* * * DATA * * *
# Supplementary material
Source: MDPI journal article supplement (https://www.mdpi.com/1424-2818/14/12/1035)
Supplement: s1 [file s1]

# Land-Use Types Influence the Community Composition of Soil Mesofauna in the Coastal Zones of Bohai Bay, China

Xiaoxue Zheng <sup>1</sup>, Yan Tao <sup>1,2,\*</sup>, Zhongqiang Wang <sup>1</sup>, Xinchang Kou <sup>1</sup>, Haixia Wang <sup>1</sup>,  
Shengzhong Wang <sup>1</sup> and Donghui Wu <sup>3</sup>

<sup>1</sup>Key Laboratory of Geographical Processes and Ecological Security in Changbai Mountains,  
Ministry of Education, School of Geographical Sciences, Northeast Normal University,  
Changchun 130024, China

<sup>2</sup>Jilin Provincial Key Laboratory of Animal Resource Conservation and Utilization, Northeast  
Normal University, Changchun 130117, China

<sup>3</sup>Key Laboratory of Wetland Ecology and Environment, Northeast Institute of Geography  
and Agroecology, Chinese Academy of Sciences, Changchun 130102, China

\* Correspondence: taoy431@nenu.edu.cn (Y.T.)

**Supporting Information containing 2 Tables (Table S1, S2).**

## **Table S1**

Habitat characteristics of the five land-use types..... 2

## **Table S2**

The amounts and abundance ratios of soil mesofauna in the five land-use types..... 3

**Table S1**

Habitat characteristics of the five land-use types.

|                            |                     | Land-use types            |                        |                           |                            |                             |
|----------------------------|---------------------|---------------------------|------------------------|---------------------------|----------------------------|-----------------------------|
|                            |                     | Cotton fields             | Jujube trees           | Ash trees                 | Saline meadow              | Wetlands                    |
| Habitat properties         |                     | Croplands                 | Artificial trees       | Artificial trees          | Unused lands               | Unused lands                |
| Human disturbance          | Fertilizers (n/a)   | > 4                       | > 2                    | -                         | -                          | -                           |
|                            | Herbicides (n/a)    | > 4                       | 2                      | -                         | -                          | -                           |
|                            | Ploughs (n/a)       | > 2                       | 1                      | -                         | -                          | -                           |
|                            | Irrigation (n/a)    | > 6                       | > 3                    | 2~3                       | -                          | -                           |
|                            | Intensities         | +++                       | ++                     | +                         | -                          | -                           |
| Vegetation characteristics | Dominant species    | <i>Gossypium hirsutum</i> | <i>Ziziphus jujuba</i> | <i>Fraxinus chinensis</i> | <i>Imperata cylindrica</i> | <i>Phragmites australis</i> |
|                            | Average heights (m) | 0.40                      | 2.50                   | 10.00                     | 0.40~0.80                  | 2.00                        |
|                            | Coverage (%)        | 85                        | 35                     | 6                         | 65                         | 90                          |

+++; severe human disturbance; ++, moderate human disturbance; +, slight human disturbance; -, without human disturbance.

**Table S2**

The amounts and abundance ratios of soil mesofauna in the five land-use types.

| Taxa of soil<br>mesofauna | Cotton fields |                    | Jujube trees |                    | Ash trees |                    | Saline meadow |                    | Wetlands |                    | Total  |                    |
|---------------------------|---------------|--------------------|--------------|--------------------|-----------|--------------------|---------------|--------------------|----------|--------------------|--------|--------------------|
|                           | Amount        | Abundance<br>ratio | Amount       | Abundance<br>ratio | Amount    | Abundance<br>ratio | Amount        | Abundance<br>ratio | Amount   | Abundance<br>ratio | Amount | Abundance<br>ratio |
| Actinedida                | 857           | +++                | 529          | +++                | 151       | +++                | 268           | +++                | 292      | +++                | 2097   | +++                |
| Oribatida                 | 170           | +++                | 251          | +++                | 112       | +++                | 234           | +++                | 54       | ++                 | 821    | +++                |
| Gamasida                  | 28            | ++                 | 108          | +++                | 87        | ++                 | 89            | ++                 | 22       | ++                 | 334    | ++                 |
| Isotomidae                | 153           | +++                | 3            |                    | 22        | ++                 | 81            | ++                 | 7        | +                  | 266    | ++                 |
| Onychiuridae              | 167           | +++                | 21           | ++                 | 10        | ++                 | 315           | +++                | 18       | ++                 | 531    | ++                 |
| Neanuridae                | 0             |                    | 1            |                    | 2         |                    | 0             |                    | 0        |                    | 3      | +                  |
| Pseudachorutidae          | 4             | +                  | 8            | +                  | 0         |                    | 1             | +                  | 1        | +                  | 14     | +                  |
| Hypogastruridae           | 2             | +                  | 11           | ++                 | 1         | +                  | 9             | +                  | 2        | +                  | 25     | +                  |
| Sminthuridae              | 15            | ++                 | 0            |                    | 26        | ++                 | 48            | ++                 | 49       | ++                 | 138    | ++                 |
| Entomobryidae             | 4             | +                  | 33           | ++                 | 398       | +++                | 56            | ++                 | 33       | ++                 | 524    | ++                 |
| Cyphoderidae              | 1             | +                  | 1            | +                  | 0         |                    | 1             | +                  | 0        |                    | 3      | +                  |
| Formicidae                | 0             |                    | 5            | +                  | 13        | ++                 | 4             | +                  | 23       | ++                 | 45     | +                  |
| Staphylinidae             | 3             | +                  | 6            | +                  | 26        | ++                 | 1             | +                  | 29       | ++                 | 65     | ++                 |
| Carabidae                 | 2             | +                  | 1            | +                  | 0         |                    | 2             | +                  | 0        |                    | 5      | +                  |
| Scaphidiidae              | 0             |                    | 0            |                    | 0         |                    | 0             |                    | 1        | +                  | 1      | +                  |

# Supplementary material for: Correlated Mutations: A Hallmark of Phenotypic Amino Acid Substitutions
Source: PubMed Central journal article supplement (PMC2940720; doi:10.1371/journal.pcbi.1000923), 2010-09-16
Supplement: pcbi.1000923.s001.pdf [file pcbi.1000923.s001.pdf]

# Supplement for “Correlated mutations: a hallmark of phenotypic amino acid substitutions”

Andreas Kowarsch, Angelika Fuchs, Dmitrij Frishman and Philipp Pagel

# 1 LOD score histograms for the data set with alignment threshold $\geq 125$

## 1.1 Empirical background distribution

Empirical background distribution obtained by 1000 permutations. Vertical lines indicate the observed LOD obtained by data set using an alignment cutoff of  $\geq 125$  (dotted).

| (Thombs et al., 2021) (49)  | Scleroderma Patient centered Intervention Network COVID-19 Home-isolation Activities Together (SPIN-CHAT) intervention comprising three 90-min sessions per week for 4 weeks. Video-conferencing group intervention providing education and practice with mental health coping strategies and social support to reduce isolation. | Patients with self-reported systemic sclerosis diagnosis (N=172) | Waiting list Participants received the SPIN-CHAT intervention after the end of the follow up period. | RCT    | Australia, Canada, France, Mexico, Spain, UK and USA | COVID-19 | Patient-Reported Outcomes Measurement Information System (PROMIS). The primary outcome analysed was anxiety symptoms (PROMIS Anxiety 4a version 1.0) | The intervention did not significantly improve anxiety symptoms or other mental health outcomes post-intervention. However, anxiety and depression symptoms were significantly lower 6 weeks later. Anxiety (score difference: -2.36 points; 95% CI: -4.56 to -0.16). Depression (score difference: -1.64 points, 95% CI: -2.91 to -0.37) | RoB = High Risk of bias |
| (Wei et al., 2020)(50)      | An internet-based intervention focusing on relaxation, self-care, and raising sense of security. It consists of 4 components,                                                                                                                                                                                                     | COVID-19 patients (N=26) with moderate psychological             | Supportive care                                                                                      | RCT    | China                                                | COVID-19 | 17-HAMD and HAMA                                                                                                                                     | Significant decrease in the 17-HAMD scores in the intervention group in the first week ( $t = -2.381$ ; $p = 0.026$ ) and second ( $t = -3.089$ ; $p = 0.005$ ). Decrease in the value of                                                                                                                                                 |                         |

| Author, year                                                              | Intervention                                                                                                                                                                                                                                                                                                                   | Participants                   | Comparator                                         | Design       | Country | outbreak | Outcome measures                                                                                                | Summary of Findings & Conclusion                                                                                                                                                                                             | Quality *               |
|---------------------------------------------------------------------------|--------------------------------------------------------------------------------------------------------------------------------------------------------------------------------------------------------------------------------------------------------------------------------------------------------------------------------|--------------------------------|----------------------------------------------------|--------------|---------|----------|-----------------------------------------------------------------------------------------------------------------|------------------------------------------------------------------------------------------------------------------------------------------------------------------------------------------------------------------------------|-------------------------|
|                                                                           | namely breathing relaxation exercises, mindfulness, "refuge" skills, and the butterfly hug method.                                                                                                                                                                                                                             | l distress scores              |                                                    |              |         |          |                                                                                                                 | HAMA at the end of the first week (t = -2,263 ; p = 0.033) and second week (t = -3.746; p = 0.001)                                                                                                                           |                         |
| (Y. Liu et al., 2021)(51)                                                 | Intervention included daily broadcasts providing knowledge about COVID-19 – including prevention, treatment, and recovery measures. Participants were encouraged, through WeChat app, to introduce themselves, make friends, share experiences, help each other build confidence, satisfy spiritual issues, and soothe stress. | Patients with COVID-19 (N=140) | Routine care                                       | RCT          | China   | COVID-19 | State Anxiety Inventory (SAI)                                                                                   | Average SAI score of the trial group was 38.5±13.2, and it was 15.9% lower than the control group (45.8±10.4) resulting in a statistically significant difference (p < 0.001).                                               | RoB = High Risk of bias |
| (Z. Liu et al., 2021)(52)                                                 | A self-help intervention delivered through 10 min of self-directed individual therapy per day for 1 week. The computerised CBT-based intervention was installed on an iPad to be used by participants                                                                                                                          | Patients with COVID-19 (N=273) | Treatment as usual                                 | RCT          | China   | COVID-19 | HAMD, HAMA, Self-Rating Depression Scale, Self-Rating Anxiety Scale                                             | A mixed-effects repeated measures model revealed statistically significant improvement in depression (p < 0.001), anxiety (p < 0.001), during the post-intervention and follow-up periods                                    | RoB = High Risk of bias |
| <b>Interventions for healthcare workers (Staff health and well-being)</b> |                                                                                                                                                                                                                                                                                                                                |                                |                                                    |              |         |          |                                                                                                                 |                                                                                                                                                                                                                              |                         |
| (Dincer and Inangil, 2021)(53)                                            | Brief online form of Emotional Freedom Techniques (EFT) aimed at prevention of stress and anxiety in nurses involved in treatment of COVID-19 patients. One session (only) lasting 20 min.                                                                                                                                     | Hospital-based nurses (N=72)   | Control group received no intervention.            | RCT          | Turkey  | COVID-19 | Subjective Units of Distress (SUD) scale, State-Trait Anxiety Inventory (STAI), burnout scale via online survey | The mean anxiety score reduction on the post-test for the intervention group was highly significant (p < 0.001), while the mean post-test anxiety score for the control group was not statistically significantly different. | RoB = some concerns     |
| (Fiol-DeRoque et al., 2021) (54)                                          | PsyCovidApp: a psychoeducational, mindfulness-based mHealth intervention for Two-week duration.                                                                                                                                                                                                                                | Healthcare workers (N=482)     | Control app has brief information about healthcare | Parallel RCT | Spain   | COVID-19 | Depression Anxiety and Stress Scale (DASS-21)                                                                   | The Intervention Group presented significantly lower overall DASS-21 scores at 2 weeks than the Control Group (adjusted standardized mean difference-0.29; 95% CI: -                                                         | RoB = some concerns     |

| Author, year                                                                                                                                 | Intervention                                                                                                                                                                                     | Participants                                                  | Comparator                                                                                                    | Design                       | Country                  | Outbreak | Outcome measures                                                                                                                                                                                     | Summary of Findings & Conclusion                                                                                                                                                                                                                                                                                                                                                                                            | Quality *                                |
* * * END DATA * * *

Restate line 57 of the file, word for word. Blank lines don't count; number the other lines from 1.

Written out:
Supplement: pcbi.1000923.s001.pdf [file pcbi.1000923.s001.pdf]